A Hopi Hero’s Journey: How the Snake Clan Came to Arizona

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Joseph Campbell, in his classic book The Hero With A Thousand Faces explores in depth the universal mythic narrative of the culture-hero (traditionally male) who goes forth not to conquer but ultimately to bring back some sort of aid that benefits his people. The elements of these legends are consistent in cultures all across the globe.

“The standard path of mythological adventure of the hero is a magnification of the formula represented in the rites of passage: separationinitiationreturn: which might be named the nuclear unit of the monomyth. A hero ventures forth from the world of common day into a region of supernatural wonder: fabulous forces are there encountered and a decisive victory is won: the hero comes back from this mysterious adventure with the power to bestow boons on his fellow man.

SakwaWakaKatsina (Katsina-Blue-Cow), a Hopi Kachina figure

SakwaWakaKatsina (Katsina-Blue-Cow), a Hopi Kachina figure ( Myrabella /CC BY-SA 4.0 )

Snake Clan Mythology and a Hero’s Journey

The Hopi clearly possess this mythological framework. The members of the Snake Clan ( Tsu’) recount a lengthy legend of their clan’s origin, which entails a trip across the sea. According to oral history, in the village of Toko’navi (near Navajo Mountain in southern Utah) lived a youth named Tiyo, whose name literally refers to an adolescent boy. This ever-pensive, curious lad was accustomed to sit on the banks of Pisisvayu (the Colorado River) and ponder where its waters flowed. Why, he wondered, when the people’s corncobs grew to only the length of a man’s finger, would this precious life force simply disappear in the direction of the south? He asked if anyone knew what was at the end of the river where all those waters went. “His father said, ‘No, we do not know. But in the end, it must join somewhere with Patowahkacheh, the Great Water. Some of our grandfathers were there in ancient times [italics added], but no one now living is familiar with all the land through which the river passes.’” Finally, the boy resolved to embark upon a journey to solve this mystery.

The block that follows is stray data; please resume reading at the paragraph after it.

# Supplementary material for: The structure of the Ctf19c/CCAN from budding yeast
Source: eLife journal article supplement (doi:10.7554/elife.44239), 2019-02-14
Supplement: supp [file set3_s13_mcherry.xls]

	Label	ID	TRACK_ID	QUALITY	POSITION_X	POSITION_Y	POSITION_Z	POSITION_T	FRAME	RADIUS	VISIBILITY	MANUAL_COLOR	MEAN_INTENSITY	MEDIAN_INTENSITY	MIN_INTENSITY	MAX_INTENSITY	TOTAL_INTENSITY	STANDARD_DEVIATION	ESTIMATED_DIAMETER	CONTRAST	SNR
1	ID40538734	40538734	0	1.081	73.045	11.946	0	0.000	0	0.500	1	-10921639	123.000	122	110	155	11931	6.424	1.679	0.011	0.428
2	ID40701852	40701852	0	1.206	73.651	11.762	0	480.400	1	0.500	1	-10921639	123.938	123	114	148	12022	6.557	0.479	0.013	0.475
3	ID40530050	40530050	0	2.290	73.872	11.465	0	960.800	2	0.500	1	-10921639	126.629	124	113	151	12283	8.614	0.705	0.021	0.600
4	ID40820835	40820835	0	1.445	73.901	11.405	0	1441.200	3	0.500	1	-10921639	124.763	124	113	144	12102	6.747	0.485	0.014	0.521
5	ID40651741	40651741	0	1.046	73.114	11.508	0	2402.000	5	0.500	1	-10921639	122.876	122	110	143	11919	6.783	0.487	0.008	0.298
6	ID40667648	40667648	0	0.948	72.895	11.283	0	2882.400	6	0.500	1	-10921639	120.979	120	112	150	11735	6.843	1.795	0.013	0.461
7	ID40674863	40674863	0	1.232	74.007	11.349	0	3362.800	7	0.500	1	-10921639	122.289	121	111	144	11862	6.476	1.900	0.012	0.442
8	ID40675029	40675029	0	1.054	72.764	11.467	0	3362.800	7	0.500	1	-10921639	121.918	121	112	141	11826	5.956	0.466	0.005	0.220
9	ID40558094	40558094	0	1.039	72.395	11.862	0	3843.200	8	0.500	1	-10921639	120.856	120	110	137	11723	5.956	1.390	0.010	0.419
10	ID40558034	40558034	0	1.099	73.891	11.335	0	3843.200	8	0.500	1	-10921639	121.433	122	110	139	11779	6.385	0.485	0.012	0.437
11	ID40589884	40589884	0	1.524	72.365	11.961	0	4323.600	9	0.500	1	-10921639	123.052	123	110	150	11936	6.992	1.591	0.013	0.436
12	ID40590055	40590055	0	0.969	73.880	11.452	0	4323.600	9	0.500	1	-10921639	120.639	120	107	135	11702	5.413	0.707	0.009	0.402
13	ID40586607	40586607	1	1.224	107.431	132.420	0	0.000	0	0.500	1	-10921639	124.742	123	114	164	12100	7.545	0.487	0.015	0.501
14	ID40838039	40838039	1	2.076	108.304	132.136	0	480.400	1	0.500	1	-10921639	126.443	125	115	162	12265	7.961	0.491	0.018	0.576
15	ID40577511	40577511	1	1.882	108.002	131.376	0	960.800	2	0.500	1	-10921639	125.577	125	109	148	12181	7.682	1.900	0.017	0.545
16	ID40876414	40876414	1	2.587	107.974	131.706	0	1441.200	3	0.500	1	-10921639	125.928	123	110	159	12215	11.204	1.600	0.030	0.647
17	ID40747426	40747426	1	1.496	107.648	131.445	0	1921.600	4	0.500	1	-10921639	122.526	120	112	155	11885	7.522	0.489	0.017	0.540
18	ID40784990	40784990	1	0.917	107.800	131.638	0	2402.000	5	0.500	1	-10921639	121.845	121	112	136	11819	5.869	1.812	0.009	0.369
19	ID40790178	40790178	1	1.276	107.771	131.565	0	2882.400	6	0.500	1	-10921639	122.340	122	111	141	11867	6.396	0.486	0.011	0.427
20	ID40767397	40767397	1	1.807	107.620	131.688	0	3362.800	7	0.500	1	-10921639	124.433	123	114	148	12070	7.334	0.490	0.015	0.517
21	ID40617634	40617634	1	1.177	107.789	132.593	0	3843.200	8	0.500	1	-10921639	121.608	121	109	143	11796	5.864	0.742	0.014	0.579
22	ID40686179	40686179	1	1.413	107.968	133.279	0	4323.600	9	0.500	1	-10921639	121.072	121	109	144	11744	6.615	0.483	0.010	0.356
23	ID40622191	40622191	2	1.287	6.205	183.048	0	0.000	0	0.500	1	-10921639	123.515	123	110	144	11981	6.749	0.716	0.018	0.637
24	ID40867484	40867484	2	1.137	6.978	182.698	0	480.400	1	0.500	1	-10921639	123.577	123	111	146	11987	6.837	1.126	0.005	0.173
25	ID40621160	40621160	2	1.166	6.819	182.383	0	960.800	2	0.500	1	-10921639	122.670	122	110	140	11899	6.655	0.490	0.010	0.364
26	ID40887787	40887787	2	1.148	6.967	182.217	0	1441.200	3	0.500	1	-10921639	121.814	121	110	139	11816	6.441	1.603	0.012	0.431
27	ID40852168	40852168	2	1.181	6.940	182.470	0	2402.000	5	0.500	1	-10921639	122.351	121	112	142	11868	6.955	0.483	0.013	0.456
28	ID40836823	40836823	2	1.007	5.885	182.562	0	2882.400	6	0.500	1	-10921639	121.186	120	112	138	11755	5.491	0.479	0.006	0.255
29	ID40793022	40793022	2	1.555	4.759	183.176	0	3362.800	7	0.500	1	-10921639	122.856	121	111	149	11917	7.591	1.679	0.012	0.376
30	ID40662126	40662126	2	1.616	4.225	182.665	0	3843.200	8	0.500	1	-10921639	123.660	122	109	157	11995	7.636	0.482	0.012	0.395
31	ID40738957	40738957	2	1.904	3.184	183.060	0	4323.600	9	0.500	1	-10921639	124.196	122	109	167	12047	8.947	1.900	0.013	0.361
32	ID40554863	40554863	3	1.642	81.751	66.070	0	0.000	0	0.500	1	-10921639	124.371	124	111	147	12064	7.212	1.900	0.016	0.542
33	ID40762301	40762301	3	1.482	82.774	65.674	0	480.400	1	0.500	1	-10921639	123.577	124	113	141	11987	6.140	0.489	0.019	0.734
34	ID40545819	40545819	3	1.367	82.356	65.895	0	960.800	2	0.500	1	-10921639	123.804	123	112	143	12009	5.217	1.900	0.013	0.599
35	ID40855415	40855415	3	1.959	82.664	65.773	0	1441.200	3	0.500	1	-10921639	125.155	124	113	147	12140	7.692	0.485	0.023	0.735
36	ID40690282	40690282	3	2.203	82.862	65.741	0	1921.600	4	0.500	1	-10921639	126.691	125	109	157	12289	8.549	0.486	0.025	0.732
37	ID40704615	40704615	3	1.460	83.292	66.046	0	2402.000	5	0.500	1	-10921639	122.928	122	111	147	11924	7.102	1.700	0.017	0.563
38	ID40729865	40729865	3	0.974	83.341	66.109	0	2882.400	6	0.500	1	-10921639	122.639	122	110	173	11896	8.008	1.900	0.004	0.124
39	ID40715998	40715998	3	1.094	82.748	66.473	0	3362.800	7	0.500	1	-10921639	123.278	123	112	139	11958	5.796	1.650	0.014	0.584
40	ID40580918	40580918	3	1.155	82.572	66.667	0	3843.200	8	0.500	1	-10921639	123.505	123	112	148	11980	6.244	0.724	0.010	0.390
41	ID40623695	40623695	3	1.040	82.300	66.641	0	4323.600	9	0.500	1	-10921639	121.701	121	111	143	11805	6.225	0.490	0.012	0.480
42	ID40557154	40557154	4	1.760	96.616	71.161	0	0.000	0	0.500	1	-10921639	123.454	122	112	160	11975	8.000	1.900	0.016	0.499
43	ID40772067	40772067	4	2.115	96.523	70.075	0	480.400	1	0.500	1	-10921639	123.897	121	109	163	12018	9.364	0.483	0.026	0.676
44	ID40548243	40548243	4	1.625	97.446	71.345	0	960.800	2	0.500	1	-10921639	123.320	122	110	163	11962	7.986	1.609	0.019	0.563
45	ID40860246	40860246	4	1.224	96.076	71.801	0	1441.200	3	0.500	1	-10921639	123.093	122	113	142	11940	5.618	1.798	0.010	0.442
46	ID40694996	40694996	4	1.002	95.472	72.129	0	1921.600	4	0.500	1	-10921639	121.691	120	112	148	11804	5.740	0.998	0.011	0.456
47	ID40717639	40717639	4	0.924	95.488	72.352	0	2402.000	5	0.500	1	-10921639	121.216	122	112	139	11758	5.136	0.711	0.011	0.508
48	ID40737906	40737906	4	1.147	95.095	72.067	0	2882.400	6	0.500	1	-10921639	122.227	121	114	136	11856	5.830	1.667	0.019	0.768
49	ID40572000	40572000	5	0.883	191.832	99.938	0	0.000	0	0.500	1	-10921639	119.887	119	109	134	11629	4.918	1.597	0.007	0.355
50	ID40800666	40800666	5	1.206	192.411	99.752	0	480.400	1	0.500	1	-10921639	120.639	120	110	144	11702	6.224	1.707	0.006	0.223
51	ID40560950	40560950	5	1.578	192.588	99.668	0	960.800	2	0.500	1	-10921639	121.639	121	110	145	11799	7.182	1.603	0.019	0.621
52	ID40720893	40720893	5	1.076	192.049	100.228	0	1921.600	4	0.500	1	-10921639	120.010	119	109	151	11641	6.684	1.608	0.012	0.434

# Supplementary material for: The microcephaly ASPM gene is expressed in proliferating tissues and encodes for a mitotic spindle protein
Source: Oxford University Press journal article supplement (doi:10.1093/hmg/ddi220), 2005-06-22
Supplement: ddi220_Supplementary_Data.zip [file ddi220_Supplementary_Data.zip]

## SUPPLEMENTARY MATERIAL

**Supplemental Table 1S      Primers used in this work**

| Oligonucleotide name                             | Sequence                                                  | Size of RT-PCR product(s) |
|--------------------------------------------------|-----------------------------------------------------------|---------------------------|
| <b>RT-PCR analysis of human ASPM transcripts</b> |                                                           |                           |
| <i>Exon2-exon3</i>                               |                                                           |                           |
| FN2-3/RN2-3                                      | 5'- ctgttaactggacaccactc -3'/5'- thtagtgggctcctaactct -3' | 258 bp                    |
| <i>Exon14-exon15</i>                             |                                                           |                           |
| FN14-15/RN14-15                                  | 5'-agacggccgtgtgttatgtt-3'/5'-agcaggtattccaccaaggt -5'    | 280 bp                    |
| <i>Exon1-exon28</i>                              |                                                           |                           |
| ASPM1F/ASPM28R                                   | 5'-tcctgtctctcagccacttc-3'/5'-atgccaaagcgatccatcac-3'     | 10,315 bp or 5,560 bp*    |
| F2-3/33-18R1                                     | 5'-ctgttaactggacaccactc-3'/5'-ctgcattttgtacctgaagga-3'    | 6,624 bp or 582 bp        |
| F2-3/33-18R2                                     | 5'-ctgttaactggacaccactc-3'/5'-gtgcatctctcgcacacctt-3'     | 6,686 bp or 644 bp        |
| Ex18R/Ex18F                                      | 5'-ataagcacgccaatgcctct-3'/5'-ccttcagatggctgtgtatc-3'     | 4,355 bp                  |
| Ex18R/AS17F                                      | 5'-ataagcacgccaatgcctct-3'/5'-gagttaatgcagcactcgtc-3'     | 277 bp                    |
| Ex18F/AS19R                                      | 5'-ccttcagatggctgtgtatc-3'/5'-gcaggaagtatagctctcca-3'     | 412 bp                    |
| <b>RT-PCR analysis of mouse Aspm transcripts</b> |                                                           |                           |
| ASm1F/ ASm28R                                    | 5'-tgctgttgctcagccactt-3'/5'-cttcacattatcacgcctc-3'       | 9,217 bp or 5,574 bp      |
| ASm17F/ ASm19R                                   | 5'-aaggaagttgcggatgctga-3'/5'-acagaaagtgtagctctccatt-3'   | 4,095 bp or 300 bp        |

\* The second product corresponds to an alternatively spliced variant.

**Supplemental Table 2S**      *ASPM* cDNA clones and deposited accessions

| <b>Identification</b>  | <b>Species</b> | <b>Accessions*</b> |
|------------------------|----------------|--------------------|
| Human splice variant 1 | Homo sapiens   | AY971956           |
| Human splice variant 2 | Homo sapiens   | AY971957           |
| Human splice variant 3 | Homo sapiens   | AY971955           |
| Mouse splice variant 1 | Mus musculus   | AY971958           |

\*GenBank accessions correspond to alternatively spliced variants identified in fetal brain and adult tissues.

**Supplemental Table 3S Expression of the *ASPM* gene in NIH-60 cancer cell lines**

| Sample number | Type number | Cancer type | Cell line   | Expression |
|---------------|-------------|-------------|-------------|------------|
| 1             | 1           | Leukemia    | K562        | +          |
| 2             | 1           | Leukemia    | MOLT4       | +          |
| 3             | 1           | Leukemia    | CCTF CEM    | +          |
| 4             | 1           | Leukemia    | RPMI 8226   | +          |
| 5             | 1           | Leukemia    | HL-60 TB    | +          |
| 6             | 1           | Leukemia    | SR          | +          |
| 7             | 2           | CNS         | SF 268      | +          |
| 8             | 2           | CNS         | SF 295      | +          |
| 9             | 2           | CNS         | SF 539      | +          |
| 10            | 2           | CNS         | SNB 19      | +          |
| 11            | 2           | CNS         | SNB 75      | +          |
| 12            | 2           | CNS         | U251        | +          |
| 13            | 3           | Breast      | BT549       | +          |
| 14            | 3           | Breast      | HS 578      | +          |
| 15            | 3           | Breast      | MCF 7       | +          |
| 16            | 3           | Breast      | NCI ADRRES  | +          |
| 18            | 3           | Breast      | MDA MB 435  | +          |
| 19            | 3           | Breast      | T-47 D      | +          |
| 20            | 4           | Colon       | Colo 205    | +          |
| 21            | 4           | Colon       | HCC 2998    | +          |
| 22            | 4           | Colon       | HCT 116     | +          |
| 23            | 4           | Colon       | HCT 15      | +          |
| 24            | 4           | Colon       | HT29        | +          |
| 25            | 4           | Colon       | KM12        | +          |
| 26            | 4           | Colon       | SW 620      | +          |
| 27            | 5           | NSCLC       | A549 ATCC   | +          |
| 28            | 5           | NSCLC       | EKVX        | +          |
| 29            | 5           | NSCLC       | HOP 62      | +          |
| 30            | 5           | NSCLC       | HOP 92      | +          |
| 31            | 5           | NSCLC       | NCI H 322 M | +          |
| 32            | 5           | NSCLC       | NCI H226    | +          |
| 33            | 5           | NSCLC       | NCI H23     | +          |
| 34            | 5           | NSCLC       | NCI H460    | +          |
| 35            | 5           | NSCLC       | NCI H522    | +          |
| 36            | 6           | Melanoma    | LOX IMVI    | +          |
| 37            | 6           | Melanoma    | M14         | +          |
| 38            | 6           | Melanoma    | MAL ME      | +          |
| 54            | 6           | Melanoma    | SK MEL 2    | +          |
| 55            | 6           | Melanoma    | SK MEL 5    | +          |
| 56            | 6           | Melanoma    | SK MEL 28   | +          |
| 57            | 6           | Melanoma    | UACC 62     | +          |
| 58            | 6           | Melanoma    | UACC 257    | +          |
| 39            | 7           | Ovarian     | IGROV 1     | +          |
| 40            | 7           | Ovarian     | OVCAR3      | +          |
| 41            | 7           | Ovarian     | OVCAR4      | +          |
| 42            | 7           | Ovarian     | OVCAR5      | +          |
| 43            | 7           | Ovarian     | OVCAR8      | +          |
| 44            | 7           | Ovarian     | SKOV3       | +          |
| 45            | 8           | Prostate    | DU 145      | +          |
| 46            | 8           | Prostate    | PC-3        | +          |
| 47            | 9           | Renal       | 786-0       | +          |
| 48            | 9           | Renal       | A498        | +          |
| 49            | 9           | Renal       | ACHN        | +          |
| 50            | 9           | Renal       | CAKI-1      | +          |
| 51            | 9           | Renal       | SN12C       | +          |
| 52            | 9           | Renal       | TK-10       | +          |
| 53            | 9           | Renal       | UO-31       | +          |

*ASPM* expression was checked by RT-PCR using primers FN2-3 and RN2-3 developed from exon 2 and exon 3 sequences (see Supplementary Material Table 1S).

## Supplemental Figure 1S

Inside a hollowed-out cottonwood log sealed at both ends with piñon pitch to resemble a drum, Tiyo floated downstream until he came to the great ocean. Soon he drifted to the island of Kòokyangwso’wúuti (Spider Grandmother), within whose kiva (or subterranean prayer chamber) he solicited her aid. “The Hopi regard Spider Woman as a major deity of their mythology, second in importance to Masau’u... [Late 19th century ethnographer and archaeologist] Jesse Walter Fewkes writes, ‘She is the goddess of wisdom; she can change her form at will.” (Masau’u is the Hopi god of the underworld, death, fire, and the earth-plane. In his book Campbell cites the Navajo version of the monomyth. The Navajo, or Dené, traditionally lived and still live in areas adjacent to the Hopi.)

Grandmother Spider or Spider Woman of Native American lore.

Grandmother Spider or Spider Woman of Native American lore. ( CC BY-SA 3.0 )

In the distance lay another kiva on an island belonging to the Snake People. After walking between islands upon a rainbow bridge that Spider Grandmother had created, Tiyo used a special medicine she had given him to pacify, each in its turn, the following animals: a mountain lion (symbolic of the northwest), a bear (the southwest), a gray wolf (the southeast), a wildcat (the northeast), and finally a gigantic rattlesnake (the underworld). He then descended the ladder of the kiva whose walls were covered with ceremonial snakeskin costumes and found a group of men with faces painted a metallic black ( yaláhaii, specular iron). They were dressed in blue kilts, the color symbolic of the southwest (the direction of the ocean), and wore many necklaces of shells and coral beads.

Hopi Snake dancer, 1924, northern Arizona (Public Domain)

Hopi Snake dancer, 1924, northern Arizona (Public Domain)

Testing his stamina, the Snake People tried to make Tiyo dizzy by offering strong “tobacco” (marijuana?), but Kòokyangwso’wúuti helped him by drawing off the smoke through—incredibly—his anus. “The young man described his journey. After that the kikmongwi [chief] said, ‘Well, you have discovered what lies at the place where the river meets the Great Water. We are Snake People. We are different from other people you know. Now we will show you something.” These alien people then donned their snake costumes and turned into all sorts of angry snakes—rattlesnakes, bull snakes, king snakes, etc. Among the men there were also some maidens, who likewise turned into hissing, slithering serpents. Perched behind his ear, Kòokyangwso’wúuti urged Tiyo to keep up his courage, after which the Snake People reverted to their human form and accepted him as one of their own. They then taught him the Snake Ceremony, which is still danced every other year in August on the Hopi Mesas. In addition, he took the prettiest snake maiden as his wife.

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